It notes a self-perception of SFWP…
…as the vanguard of the Irish working class, [which] has a clear duty to explain its historic role to that class without sentiment or arrogance. This involves giving a clear outline of where the party has come from, where it now stands, and what its future course will be. This party also has a duty to acknowledge any mistakes and errors made in its long and difficult struggle to understand the history it inherited and to transcend that history.
But it positions the document…
The party which has produced this book, Sinn Fein - The Workers’ Party, is the historical product of the French Revolution. In turn, the product of the our party in history must be the creation of an Irish Industrial Revolution. The second part of this book therefore, is a systematic plan for the making of an industrial Ireland. This plan in turn means the emancipation of the Irish working class so that it can carry out its historic mission - the construction of socialism in Ireland.
Interestingly this mission is one which is focused entirely on an urban working class which is set against ‘the populist demands of a peasant society’.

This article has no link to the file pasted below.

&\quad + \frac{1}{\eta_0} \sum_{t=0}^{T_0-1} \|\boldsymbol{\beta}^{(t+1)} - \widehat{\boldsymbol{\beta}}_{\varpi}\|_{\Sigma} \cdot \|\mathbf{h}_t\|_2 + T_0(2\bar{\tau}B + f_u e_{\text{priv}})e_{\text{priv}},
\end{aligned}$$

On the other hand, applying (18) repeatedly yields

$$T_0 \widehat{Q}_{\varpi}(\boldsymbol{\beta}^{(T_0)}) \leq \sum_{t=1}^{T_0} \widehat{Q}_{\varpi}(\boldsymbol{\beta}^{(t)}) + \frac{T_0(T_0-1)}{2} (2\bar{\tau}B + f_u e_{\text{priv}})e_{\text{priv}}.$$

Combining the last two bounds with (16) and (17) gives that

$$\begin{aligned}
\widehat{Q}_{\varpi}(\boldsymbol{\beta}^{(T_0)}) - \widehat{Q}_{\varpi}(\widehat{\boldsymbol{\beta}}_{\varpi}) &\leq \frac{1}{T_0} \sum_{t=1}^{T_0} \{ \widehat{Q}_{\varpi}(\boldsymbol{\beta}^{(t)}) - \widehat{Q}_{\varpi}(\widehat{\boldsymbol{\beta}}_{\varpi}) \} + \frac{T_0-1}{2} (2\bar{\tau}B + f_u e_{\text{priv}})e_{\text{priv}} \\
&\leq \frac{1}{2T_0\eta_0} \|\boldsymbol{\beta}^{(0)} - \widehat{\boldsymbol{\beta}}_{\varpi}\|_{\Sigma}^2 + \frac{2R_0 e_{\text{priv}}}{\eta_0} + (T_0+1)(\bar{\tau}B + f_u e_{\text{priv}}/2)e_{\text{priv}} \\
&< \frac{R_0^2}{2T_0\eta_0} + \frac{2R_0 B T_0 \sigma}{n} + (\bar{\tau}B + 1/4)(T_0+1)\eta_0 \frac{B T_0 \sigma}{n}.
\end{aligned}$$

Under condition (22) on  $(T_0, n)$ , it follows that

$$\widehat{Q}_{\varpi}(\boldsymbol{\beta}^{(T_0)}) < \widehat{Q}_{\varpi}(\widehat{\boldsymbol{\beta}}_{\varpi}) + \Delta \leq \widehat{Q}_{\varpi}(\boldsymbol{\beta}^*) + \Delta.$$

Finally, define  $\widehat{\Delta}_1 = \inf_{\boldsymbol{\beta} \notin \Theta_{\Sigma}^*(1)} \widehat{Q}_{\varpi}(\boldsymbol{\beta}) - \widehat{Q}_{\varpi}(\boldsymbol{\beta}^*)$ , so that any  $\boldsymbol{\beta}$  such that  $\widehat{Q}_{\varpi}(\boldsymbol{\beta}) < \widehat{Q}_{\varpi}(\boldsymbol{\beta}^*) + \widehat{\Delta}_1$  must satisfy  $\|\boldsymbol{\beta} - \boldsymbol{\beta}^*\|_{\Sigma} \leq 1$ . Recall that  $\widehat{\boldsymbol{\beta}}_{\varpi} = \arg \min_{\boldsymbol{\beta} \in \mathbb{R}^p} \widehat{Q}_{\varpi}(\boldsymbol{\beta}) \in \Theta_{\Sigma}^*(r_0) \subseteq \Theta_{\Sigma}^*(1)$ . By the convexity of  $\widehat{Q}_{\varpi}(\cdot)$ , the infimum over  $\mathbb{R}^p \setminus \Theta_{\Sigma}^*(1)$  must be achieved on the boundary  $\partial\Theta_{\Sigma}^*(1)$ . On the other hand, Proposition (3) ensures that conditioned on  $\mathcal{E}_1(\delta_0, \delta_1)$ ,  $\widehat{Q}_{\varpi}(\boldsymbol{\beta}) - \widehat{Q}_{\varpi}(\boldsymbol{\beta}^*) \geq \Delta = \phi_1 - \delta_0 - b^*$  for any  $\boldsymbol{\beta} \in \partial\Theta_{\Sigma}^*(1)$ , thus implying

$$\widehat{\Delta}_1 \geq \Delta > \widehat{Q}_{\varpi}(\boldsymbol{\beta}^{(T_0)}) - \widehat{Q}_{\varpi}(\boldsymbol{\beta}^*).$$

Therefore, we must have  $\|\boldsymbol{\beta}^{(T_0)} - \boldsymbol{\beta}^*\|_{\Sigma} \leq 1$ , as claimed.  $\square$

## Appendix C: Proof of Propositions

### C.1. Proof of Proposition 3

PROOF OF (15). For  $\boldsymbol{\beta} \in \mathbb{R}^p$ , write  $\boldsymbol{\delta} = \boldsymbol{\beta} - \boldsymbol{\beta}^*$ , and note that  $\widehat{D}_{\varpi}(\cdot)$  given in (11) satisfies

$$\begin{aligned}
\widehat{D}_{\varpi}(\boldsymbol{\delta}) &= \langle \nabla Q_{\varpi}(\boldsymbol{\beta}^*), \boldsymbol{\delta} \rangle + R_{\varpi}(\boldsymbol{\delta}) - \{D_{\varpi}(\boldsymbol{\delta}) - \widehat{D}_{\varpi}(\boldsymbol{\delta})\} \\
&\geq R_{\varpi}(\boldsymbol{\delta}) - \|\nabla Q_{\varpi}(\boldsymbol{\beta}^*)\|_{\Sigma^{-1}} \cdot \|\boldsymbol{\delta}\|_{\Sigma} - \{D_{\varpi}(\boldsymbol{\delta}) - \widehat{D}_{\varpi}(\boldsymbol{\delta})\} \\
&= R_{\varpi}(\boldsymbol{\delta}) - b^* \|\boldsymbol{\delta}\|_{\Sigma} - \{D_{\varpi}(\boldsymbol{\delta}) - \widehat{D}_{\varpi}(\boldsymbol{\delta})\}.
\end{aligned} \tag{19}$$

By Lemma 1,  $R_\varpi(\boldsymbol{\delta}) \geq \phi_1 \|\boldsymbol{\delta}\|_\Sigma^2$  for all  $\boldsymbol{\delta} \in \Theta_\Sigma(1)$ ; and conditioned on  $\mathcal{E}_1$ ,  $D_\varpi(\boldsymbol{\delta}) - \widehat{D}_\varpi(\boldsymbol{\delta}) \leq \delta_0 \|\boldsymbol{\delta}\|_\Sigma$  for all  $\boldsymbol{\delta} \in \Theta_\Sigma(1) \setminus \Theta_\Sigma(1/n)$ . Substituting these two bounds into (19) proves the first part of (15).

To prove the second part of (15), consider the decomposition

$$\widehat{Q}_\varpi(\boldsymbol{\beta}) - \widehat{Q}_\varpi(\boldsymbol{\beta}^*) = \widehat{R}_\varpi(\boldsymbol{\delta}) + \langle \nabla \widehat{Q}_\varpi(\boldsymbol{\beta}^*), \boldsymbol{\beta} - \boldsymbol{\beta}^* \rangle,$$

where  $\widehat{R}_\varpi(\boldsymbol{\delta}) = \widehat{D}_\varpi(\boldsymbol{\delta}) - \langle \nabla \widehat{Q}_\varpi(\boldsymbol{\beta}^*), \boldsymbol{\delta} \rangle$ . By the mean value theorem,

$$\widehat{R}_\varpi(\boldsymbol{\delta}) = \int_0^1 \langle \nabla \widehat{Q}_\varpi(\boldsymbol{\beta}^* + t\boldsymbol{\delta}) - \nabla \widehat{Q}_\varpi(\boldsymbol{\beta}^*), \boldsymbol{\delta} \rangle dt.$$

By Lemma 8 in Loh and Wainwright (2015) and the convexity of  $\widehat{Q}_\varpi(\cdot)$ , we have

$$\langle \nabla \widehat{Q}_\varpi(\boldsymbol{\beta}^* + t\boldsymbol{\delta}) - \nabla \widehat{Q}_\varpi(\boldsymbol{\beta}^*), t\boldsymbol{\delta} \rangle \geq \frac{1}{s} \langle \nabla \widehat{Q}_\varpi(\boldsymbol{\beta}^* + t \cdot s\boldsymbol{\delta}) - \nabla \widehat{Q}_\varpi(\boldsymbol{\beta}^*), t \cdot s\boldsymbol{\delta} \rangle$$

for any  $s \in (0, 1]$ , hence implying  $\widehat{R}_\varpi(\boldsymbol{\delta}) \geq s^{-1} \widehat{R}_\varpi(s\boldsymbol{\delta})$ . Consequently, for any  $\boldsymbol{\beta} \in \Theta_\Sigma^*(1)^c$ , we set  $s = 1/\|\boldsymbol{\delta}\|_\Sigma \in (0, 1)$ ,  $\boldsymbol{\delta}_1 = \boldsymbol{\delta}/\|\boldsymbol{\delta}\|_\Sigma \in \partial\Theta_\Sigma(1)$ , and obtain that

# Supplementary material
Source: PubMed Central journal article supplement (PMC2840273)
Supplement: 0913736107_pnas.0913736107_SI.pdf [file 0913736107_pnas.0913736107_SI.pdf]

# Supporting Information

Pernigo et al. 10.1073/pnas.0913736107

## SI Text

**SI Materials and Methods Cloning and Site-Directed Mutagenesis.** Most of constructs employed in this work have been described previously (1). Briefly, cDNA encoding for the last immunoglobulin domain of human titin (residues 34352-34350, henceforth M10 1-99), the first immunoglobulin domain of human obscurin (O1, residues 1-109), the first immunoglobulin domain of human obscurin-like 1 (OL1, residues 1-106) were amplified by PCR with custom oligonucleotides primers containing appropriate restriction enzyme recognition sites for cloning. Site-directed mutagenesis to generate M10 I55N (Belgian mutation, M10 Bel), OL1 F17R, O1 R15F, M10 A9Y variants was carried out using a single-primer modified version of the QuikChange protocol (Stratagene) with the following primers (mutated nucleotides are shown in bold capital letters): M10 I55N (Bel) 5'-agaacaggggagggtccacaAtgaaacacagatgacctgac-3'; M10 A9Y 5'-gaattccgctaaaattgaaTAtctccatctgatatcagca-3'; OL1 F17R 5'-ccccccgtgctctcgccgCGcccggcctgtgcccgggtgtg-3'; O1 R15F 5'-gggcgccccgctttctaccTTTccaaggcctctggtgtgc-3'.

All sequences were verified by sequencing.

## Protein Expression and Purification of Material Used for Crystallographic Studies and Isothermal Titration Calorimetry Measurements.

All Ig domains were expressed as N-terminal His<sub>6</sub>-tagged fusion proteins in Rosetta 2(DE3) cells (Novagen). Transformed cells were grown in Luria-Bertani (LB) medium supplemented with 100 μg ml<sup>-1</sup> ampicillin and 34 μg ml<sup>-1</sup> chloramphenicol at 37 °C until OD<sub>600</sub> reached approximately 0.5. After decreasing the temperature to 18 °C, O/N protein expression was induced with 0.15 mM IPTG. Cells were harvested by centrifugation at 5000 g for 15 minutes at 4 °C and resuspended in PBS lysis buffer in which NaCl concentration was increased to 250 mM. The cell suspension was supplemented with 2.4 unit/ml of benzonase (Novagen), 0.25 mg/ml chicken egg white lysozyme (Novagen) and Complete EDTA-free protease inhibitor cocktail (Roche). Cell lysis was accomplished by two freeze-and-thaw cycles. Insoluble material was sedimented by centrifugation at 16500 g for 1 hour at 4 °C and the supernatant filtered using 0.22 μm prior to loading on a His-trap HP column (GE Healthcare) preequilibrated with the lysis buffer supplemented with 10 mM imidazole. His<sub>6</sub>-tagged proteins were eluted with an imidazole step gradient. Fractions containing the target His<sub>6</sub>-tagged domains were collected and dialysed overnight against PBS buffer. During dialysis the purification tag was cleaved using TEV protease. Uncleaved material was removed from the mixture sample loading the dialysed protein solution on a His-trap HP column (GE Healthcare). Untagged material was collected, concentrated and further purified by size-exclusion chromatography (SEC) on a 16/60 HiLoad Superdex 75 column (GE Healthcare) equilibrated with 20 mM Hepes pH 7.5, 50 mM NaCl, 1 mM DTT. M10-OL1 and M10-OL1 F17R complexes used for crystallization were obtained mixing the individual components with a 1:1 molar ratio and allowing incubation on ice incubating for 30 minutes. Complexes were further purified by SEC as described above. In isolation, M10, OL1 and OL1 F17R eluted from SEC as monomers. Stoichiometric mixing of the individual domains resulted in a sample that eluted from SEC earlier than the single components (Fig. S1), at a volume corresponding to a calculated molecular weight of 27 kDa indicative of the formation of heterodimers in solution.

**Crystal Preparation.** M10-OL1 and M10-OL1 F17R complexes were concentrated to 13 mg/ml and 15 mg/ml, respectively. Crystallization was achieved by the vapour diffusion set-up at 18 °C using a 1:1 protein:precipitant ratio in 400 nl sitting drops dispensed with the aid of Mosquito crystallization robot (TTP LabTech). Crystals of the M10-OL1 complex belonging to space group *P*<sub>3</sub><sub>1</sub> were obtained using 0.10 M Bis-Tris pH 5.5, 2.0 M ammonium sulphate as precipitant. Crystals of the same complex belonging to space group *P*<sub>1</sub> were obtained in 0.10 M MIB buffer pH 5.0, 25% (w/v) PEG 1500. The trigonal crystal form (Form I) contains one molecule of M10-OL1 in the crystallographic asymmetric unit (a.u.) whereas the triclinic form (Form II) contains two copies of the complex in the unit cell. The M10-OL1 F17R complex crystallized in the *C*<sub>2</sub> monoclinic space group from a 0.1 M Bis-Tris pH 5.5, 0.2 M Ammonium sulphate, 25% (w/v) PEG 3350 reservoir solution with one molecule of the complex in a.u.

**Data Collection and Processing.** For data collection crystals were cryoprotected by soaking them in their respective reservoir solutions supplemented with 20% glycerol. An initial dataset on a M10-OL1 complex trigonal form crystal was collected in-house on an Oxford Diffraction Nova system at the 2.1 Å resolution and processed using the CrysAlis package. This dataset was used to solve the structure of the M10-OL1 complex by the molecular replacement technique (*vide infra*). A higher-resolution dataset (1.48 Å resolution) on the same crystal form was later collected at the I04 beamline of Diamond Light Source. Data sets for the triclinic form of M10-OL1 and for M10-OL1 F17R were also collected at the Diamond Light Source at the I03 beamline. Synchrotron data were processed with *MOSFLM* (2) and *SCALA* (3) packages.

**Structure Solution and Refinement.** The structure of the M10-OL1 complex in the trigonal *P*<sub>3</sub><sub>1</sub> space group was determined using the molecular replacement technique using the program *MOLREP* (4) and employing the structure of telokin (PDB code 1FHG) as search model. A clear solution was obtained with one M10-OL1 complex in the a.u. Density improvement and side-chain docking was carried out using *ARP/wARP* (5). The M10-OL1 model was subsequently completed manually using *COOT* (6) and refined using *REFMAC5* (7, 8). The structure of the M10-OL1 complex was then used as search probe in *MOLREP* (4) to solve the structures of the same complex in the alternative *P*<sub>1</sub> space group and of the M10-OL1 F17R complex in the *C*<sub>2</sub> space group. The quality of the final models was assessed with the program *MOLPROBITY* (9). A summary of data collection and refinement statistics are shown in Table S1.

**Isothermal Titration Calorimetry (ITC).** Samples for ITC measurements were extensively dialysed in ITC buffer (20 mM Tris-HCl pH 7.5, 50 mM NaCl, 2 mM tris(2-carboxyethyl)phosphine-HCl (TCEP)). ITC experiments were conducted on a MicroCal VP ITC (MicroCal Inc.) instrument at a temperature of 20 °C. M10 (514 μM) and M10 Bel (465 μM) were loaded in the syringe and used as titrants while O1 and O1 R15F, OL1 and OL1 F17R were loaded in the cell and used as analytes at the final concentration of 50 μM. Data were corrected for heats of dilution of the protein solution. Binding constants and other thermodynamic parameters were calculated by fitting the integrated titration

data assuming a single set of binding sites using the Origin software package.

As long as Ireland remained a largely rural society Republicanism could not transcend the populist democratic legacy of the French Revolution and make contact with the larger world of socialism which had been ushered in by the Industrial Revolution. Similarly, the struggle between Republicanism and Hibernian nationalism could not assume the clear form of a struggle between democratic socialism and degenerate right wing nationalism until such time as an Irish working class arrived on the stage of history in such massive numbers as to decide the outcome once and for all.